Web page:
... There is increasing evidence that adverse skin reactions to tattoos, including infections and allergies, are common. European surveys of tattooed individuals report the prevalence of immediate adverse tattoo reactions as 15-68% and that of delayed reactions as 9-27% among respondents [4][5][6] . A New York City (NYC) survey of tattooed individuals in Central Park showed that 4.3% of respondents experienced acute tattoo reactions and 6.0% suffered from chronic reactions lasting longer than 4 months [7] . ...
Article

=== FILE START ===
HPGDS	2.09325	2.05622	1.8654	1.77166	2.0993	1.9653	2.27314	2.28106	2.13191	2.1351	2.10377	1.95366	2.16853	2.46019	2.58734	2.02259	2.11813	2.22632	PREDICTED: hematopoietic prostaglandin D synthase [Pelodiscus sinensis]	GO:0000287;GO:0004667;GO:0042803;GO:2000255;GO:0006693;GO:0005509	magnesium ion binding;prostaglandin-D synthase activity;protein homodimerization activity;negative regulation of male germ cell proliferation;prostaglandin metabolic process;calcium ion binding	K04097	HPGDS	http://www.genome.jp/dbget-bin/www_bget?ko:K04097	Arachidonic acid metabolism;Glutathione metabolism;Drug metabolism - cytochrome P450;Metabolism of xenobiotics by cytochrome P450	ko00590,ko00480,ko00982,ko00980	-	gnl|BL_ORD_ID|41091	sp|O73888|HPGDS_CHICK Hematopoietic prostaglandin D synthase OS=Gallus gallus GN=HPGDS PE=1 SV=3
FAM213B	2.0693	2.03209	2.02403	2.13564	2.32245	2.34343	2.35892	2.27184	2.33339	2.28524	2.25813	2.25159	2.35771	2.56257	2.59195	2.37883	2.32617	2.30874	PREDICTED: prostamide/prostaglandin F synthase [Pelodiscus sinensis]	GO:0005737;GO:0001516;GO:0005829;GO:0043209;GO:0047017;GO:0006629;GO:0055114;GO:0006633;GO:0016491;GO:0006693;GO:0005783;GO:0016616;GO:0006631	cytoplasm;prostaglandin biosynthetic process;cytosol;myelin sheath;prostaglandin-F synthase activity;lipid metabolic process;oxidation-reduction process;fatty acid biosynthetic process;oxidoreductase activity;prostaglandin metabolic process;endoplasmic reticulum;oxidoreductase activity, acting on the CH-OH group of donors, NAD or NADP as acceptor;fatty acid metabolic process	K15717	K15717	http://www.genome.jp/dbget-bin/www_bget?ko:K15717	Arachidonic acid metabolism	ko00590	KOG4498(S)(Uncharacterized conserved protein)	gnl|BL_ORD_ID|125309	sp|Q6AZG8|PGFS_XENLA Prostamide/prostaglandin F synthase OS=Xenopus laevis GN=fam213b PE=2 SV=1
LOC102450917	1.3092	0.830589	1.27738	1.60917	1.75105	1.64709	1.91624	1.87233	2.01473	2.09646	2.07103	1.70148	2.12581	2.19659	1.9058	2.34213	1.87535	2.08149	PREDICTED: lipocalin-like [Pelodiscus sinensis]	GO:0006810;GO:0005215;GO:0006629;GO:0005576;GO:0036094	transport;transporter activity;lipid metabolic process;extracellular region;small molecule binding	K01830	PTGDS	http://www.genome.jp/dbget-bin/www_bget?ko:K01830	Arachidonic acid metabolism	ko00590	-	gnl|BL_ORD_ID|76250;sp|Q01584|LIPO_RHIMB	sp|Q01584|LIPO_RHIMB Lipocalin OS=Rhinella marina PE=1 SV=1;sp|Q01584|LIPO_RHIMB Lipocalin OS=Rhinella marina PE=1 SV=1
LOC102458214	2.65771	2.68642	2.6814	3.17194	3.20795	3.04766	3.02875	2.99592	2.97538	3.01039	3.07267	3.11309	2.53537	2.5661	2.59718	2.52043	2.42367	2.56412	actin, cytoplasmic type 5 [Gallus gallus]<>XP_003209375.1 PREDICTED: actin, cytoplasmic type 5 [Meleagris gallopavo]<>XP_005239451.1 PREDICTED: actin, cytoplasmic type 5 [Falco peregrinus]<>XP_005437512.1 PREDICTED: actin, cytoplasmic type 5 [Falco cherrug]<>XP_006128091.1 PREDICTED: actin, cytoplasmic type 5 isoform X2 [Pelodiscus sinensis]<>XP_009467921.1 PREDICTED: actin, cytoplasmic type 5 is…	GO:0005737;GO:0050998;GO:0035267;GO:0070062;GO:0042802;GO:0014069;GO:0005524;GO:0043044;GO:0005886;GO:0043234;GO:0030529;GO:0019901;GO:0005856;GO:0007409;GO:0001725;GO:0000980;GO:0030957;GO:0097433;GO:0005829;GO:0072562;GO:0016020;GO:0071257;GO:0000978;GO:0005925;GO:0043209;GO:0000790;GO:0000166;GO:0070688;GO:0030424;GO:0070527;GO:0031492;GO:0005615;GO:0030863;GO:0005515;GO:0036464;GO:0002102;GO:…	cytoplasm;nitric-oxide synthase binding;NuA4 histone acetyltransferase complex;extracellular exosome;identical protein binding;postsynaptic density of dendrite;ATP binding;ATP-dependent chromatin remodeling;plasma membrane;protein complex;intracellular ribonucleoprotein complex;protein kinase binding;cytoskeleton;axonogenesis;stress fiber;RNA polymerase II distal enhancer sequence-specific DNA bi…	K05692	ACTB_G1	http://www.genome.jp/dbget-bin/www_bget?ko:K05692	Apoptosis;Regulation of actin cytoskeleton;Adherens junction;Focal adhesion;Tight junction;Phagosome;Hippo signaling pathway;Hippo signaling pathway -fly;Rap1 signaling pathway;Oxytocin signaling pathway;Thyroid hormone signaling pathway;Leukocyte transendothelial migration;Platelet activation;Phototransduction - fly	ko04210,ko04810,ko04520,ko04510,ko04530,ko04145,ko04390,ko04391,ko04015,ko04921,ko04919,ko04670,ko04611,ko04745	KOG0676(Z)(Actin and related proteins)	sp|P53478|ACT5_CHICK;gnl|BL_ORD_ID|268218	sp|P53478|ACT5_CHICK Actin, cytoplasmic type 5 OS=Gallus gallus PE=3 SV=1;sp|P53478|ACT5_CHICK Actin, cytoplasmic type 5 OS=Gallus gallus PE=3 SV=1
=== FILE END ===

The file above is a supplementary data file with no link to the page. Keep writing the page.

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To understand the role that tattooists play in providing skin care advice, we conducted an online, survey-based study of 90 licensed tattooists in New York City. The survey asked tattooists about their exposure to adverse tattoo events, advising on tattoo removal/correction, behaviors regarding preexisting skin conditions and aftercare, confidence in addressing client questions about adverse events and preexisting conditions, and prior training about skin conditions related to tattoos. Most tattooists (92.8%) reported being asked by clients to evaluate adverse tattoo reactions, 85% were asked about tattoo removal, and 90% were asked about the safety of getting a tattoo with a preexisting skin condition. About half (56.1%) had received training about skin conditions related to tattoos. Tattooists with prior training reported higher rates of optimal skin care behaviors and higher confidence with tattoo-related skin conditions; 91.4% reported interest in skin care education. Tattooists play a major role in the skin health of their clients. Providing education for tattooists may improve skin care in populations less likely to see a dermatologist.